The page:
Page Title

Groundbreaking for Ross Station center

August 3, 2018

The Seaford Historical Society project that has been three years in the planning is moving forward.

In July Bev Hutton signed a contract for construction of the Ross Station, a visitor's center planned for the Ross Plantation.

The contract is with construction firm Gillis Gilkerson Inc., Salisbury. Groundbreaking was held on Tuesday, July 31. An optimistic forecast projected mid-January 2019 as the completion date.

Project manager and former historical society president Maria Heyssel is hoping for a grand opening in early spring.

Even with the contract signed, though, the society's fundraising continues.

The society is also raising money to match a second donation from Ross Claiborne, a resident of Fort Lauderdale, Fla., and great-grandson of Gov. William Henry Harrison Ross, who built the Ross Mansion in 1859.

Two years ago, Claiborne gave a grant of $400,000 to the project, which the society has successfully matched. Recently, he donated another $50,000, "for contingencies and furnishings," Heyssel said. The society has to raise money to match that grant.

The center will be 6,364 square feet in size and will include a 3,650-square foot banquet room capable of seating 225 people. It is being constructed on a corner of the plantation near the intersection of North Market Street Extended and Venture Drive.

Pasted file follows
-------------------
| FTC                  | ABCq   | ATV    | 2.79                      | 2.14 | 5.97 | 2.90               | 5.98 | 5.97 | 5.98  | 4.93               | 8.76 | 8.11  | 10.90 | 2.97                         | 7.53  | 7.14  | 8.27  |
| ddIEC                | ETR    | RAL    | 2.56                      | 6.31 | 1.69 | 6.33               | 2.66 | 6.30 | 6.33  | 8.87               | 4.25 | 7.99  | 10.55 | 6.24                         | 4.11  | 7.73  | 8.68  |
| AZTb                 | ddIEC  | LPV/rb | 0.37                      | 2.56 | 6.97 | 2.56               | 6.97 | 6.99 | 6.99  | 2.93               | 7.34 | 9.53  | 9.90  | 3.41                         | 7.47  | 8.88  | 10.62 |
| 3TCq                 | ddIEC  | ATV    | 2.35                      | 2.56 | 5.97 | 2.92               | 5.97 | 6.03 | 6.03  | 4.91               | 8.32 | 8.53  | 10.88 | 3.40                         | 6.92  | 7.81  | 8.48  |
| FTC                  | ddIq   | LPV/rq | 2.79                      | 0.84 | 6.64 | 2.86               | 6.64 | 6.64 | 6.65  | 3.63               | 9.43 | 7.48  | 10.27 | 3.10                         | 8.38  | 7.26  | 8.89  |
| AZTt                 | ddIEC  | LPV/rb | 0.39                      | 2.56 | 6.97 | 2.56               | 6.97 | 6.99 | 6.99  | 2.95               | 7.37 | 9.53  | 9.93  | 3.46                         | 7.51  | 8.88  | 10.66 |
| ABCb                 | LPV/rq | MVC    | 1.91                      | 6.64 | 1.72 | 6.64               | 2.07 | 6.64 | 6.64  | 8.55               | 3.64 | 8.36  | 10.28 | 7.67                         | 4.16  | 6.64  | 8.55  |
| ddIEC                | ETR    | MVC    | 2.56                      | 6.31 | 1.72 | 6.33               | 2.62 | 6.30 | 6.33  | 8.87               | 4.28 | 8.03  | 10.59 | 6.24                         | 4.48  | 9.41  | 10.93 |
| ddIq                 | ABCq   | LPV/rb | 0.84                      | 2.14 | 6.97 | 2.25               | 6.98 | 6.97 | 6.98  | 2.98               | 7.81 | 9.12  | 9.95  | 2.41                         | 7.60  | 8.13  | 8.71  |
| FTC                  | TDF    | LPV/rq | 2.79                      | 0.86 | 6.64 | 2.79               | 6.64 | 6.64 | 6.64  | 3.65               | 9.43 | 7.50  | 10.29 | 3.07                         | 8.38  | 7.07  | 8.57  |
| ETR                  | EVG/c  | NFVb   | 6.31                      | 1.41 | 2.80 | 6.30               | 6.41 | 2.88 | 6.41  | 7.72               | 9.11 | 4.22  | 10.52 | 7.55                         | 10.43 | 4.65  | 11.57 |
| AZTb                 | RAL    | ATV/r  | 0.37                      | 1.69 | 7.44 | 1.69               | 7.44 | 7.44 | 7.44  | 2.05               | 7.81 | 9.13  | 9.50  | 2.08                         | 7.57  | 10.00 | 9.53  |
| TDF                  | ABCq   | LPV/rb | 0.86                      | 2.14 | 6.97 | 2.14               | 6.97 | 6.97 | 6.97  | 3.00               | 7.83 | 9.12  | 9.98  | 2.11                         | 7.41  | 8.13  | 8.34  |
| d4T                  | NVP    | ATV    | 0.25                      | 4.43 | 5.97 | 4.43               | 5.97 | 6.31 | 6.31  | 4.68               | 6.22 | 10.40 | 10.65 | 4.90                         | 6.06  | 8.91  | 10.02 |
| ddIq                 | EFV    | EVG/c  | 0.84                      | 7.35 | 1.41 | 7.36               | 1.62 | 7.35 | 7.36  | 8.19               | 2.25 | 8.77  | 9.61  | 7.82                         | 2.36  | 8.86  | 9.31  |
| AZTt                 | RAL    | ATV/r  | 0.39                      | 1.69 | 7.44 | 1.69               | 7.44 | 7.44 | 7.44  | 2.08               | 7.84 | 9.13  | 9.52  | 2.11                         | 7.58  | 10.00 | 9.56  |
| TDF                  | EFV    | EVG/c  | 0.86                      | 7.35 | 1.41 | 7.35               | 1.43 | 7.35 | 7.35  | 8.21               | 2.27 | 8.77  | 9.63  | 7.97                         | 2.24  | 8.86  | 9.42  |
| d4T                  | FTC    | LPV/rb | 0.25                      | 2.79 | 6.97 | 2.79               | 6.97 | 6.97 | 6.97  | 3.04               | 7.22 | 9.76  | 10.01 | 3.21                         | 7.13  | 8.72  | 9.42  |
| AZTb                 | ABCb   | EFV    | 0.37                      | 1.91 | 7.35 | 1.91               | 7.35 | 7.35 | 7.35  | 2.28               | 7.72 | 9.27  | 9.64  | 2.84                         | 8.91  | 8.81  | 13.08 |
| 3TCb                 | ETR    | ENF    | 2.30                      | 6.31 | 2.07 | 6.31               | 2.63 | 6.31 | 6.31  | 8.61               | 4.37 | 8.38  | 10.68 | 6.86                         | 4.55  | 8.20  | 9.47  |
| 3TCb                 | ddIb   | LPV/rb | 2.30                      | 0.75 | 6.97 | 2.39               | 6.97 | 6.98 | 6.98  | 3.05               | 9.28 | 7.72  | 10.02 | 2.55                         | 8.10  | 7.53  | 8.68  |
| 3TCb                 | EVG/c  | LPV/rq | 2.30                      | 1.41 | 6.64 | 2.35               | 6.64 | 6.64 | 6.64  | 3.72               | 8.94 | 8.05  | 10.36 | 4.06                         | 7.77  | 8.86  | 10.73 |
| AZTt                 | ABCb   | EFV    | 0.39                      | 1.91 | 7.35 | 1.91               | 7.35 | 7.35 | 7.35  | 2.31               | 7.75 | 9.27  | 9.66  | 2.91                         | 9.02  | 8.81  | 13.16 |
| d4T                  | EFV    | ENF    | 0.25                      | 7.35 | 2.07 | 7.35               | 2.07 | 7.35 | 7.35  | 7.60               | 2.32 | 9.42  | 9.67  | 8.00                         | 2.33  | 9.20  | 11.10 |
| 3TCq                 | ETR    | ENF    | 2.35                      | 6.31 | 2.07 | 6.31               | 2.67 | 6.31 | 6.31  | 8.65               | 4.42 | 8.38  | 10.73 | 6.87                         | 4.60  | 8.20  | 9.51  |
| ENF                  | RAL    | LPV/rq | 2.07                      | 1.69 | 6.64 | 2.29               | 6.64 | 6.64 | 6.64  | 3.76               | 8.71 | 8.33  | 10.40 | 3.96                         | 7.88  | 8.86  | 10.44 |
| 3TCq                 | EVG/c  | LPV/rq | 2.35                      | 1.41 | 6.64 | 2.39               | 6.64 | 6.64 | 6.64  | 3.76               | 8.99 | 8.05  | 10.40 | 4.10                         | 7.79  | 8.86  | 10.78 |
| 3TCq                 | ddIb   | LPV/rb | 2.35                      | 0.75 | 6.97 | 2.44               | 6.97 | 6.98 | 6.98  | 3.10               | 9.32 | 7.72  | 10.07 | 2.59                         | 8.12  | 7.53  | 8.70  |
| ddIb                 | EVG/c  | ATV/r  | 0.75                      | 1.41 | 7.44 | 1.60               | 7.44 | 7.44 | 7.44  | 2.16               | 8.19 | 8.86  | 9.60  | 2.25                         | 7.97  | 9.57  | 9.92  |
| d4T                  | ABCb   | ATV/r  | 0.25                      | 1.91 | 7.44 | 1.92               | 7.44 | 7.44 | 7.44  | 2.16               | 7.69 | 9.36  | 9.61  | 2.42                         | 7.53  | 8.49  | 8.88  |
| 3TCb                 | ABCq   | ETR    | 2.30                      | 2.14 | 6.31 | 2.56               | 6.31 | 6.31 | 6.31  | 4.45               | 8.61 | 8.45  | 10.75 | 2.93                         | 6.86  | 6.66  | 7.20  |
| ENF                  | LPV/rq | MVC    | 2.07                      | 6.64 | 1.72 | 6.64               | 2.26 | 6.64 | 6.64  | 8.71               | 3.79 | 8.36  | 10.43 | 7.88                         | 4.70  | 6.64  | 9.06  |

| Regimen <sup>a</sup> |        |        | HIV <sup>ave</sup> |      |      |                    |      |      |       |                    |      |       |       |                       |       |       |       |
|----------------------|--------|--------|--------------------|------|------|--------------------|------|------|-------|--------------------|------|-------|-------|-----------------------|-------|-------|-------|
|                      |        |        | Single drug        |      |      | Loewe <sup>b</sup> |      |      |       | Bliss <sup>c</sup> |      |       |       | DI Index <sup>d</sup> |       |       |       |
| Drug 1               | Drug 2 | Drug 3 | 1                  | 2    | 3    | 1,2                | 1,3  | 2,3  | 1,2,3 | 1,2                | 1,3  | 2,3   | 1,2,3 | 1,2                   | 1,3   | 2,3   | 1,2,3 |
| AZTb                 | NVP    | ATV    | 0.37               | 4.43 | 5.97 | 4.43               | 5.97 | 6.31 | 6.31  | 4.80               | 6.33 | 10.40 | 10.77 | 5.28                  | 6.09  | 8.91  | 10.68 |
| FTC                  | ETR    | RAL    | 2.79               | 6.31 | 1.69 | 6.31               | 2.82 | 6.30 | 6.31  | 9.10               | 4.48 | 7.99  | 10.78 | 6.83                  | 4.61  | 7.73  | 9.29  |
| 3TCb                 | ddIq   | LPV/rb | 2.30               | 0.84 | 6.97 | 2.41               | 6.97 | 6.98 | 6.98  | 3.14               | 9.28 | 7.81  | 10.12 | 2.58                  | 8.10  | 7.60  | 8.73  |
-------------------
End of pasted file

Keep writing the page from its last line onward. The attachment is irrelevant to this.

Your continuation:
The historical society has raised more than $1.2 million for the project. That includes grants from the Longwood Foundation, the Welfare Foundation and the Crystal Foundation, as well as more than $150,000 in local donations.

In March, the city donated a couple of small parcels of land along Market Street Extended to the society, to be used for parking for the visitor's center. The city is also contributing $38,000 toward the cost of the parking lot. The balance of that cost will be paid from the state's Community Trust Fund ($142,000) and the county ($8,000).

The design of the center, by engineering firm George, Miles and Buhr, was paid for by an initial grant for $16,000 from the U.S. Department of Agriculture's Rural Development program.

Printer Friendly Version
Email To A Friend